If only I'd known then what I know now.
| posted 10/11/2011
Perhaps losing my mother when I was 16 intensified my desire to have a family, but whatever it was, I totally obsessed about the day someone would call me "Mom."
Scary parenting stories failed to dampen my anticipation. I was one of the happiest pregnant women ever. Even finding out I needed a C-section was okay with me, as long as I would still bring home a baby. That's all I cared about.
I was not part of the group that would groan when summer vacation started, counting the days till school would resume in the fall. I was the mom, if you'll forgive me, who actually cried walking away from the bus stop. And many years later, the mom who heard, "I'm not dying; I'm just moving out."
Learn more through: Developing the Spiritual Life of Children.
So how do I feel now that my children are old enough to have children of their own? I still love being a mom, and I have the added bonus of being a grandma too, which has prompted me to review my job performance as a mom. Looking back, I see things I would have done differently. For one, I wouldn't have believed the following myths.
Good parents keep a clutter-free house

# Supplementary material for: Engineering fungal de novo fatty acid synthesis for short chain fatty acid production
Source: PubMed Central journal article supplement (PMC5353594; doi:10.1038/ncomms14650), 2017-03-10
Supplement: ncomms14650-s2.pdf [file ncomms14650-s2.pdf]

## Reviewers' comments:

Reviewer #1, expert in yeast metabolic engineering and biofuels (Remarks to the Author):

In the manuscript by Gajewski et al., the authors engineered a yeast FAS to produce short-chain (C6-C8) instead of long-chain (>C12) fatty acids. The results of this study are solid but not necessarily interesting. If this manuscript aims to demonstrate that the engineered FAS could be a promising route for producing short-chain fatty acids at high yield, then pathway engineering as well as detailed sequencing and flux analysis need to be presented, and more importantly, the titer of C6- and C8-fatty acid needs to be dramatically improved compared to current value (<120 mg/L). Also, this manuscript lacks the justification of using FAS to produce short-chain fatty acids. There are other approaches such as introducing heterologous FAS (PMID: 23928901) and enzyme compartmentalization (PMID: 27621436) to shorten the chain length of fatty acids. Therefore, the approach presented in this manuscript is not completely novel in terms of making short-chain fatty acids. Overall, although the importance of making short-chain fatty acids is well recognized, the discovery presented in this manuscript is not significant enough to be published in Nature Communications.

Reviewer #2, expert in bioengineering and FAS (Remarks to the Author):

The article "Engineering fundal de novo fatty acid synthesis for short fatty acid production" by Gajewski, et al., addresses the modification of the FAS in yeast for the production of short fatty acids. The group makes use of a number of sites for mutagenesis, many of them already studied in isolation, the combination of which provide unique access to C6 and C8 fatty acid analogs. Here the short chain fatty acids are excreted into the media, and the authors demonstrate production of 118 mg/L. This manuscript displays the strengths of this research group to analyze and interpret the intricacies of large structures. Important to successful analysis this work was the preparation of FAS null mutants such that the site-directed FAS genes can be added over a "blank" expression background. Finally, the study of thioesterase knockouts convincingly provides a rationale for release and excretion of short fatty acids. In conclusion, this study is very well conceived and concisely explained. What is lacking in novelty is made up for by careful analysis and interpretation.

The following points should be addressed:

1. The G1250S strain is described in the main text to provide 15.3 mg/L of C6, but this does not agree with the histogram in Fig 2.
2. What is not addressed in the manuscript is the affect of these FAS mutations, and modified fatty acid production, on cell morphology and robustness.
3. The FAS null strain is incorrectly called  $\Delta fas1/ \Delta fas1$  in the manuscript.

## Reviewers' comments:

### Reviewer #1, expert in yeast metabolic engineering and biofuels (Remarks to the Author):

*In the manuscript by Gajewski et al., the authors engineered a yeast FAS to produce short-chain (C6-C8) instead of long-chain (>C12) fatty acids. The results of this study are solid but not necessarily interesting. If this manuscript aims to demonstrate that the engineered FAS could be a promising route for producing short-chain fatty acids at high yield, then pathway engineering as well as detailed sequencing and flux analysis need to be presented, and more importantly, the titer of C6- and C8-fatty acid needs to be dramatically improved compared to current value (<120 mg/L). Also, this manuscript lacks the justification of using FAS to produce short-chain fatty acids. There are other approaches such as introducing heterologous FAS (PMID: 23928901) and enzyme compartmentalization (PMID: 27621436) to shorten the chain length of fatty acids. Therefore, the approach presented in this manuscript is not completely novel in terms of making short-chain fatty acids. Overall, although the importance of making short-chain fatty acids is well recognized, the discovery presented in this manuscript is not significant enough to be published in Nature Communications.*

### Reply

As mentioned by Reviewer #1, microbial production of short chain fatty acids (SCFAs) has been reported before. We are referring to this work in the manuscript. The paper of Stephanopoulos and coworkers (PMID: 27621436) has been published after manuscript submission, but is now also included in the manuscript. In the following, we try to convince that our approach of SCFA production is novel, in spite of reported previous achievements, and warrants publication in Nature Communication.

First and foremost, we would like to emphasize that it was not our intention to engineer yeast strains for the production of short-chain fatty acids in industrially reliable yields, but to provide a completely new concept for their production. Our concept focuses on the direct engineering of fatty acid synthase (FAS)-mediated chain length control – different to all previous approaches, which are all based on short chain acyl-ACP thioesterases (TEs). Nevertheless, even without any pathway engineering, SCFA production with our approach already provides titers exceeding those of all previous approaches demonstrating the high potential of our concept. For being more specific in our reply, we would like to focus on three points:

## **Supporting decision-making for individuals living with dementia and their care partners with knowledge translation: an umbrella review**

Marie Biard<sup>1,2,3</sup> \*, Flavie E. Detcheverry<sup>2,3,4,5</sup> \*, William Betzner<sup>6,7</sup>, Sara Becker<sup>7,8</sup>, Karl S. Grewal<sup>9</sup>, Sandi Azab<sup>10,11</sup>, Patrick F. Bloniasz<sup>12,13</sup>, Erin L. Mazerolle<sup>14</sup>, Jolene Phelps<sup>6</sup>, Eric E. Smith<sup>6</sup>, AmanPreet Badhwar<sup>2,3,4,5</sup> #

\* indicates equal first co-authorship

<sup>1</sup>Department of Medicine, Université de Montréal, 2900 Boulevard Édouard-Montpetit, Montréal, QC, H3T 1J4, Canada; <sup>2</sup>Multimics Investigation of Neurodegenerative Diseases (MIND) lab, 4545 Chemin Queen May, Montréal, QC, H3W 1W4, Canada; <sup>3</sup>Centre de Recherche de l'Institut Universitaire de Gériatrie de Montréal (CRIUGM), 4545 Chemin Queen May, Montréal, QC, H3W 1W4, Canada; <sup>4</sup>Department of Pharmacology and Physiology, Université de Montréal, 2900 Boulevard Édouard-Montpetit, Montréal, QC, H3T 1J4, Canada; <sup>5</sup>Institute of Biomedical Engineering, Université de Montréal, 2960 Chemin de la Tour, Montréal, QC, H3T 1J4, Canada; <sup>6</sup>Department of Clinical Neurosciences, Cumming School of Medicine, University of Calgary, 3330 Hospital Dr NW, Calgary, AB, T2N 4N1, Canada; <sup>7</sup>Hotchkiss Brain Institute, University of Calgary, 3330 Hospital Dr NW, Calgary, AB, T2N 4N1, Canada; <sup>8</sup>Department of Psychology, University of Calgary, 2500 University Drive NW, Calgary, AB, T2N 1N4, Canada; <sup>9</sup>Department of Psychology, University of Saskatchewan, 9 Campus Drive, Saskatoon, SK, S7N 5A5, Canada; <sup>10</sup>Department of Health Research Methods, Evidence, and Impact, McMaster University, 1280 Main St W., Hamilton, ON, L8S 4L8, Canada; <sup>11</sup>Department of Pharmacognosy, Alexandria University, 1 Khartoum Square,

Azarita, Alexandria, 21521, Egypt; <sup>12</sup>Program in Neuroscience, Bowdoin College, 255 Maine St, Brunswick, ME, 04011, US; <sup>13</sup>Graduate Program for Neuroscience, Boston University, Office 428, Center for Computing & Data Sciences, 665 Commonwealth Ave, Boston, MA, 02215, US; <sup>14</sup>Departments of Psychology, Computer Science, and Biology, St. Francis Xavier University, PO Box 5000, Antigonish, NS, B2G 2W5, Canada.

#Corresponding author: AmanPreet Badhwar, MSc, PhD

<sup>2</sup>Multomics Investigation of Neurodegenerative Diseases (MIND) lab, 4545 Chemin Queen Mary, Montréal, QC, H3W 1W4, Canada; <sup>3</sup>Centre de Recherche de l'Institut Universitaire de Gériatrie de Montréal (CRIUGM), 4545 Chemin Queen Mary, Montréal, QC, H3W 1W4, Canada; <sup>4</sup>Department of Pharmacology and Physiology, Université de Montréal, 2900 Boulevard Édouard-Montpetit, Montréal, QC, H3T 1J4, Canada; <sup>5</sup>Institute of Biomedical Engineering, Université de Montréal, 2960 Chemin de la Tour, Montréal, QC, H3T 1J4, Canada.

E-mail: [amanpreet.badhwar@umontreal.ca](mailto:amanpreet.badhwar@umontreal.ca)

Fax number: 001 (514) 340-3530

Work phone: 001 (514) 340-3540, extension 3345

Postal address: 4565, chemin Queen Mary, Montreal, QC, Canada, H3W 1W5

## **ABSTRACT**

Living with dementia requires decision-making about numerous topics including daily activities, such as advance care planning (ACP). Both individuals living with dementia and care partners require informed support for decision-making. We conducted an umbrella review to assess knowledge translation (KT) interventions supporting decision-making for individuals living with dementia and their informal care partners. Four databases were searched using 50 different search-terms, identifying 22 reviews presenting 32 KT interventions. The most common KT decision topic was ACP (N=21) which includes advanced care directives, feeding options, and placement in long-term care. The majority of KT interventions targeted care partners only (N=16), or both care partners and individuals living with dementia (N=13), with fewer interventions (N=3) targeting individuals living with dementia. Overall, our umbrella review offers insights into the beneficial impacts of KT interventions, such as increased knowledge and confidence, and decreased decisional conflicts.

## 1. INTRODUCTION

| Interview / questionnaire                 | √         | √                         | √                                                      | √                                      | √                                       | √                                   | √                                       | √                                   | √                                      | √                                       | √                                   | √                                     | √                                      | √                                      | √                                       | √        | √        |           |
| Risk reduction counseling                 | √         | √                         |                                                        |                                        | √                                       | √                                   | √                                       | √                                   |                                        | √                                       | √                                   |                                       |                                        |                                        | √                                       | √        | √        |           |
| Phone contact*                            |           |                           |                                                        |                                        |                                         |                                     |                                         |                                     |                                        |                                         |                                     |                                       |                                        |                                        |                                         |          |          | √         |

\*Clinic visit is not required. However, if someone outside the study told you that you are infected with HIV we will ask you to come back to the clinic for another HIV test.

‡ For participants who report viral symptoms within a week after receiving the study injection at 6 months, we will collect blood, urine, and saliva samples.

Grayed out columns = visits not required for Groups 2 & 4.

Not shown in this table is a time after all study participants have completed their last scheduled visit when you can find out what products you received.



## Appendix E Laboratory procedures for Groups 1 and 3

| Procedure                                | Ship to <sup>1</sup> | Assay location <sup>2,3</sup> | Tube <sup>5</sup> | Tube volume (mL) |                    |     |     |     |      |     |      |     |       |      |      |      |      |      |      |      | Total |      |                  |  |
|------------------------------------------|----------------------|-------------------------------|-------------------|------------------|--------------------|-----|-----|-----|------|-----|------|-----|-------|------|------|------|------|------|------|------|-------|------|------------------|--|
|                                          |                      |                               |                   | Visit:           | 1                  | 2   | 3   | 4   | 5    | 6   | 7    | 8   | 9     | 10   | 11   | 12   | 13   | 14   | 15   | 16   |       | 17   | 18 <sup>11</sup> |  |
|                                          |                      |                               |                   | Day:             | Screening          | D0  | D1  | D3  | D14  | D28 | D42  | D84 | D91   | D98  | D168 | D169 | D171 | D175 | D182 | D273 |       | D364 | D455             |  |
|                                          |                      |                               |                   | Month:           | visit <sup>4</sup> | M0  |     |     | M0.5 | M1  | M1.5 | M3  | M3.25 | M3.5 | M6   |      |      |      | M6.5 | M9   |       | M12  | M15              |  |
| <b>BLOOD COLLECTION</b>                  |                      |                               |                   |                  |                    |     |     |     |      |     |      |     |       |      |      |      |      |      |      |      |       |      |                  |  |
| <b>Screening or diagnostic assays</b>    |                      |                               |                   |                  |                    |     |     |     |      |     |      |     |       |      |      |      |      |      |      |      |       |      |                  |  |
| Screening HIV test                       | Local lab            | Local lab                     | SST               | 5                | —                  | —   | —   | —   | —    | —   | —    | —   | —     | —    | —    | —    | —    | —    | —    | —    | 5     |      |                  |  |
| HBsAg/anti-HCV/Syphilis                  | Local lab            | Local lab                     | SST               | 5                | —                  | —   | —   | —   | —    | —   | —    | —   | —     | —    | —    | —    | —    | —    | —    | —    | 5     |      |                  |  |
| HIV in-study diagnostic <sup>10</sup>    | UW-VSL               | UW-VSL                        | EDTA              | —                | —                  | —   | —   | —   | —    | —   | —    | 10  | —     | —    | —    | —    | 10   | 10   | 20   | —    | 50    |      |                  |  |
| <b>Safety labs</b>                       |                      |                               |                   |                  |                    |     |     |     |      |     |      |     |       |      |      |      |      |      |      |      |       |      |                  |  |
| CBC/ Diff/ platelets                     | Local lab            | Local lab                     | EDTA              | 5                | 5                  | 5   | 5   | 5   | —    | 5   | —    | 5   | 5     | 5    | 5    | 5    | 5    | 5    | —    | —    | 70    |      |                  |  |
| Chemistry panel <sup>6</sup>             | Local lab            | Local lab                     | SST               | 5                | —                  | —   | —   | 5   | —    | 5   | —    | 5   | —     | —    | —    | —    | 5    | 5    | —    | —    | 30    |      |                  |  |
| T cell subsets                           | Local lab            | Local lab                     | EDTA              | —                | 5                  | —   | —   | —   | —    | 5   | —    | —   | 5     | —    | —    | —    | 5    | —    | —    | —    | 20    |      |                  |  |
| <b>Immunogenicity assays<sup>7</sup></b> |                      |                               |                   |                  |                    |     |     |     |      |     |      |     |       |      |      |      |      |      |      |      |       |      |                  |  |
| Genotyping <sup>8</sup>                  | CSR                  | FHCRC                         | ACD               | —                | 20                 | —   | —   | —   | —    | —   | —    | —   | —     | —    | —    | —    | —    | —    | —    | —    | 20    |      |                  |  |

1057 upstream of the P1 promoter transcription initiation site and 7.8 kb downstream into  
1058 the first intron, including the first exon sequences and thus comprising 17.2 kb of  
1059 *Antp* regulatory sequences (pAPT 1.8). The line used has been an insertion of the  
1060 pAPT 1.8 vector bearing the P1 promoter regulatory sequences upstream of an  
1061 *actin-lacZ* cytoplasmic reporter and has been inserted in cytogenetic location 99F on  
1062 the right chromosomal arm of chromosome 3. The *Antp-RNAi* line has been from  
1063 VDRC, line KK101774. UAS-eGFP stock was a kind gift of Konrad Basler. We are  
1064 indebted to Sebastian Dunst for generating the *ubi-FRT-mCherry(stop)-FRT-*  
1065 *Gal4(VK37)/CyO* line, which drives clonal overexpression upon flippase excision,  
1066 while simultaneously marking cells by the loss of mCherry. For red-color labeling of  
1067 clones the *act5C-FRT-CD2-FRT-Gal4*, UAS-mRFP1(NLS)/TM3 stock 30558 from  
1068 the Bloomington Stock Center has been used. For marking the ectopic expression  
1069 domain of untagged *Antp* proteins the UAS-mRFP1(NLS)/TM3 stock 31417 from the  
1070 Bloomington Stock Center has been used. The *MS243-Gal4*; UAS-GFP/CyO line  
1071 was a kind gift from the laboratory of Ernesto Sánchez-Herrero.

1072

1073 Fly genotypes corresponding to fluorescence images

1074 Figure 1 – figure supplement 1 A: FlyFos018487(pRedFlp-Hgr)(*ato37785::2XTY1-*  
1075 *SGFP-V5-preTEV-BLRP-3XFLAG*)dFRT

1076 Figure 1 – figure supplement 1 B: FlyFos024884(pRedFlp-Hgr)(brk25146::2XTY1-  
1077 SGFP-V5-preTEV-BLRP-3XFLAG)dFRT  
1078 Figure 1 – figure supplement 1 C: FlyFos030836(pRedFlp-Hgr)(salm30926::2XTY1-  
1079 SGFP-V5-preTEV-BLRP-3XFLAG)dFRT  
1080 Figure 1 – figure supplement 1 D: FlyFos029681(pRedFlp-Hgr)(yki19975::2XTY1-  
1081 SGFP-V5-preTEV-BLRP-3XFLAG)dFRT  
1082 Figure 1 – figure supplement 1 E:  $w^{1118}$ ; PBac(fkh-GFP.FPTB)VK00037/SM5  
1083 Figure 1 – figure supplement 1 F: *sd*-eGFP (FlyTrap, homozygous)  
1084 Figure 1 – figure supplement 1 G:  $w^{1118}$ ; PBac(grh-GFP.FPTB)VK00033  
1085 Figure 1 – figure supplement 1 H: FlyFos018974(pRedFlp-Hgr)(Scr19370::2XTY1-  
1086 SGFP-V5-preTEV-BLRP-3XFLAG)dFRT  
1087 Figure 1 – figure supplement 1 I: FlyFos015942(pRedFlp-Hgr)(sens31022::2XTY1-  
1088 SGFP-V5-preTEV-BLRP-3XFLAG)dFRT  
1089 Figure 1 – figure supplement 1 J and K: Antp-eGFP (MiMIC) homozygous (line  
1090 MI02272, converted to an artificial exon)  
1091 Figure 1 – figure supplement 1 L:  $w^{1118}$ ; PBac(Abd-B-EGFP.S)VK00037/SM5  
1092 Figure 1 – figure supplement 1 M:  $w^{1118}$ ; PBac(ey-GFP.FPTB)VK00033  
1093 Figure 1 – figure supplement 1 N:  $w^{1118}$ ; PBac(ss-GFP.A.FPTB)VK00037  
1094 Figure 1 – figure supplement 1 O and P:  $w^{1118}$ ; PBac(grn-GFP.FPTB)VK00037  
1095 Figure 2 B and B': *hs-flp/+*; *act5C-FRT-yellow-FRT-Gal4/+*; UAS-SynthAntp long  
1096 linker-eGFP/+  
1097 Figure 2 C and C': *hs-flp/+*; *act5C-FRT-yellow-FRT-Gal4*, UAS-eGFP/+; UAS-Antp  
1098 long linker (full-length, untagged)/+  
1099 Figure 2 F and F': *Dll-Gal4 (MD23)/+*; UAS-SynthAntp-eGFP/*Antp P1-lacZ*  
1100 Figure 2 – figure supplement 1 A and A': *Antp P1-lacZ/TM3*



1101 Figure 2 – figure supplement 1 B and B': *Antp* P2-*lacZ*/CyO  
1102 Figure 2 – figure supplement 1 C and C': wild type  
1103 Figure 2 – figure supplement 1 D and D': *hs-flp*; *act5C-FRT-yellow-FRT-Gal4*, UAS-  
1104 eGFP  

Most of us are taught that houses need to look magazine perfect. The truth is that houses that are lived in get cluttered. I cringe when I think back to my obsession with a neat house when my kids were little. As soon as play time was over, the toys had to be put back in place. Sometimes I wouldn't even let them finish playing. I put more emphasis on my house than on my child.
When my own children matured, the house became less cluttered, but it became emptier too. I've reached a stage in life when I am once again picking up toys. But I'm finding that these same toys that used to raise my blood pressure now cause me to smile, because I am thinking of my grandsons and some of their conversations during play. Now, as I pick up a stray book, I remember my grandsons, Jude and Charlie, smiling when I read a certain page, or asking me to read it one more time, please. So, today I put up with Matchbox cars, Legos, and other evidence of play because it means there's a child in here somewhere.
I've learned that my house is the place where I live; it is not who I am.
Good parents must always be right
One day etched in my memory, I was head-to-head with my son. Finally, through clenched teeth, I managed to ask him, "Why must you be right?"
He responded, with clenched teeth (must have learned that from his father), "Because you have to be right."
I sensed God watching that moment. Words were unnecessary. I got the message loud and clear, and from that moment on, being "right" lacked the luster it once held for me.
The result was a less resistant relationship—something I would have missed had I not conceded my need to always be right. The cost of your child is too high a price to pay. Choose your battles carefully.
I also learned new words I had never heard as a child, such as, "I was wrong; I'm sorry." Children respect parents who admit they are human, and children can be very forgiving.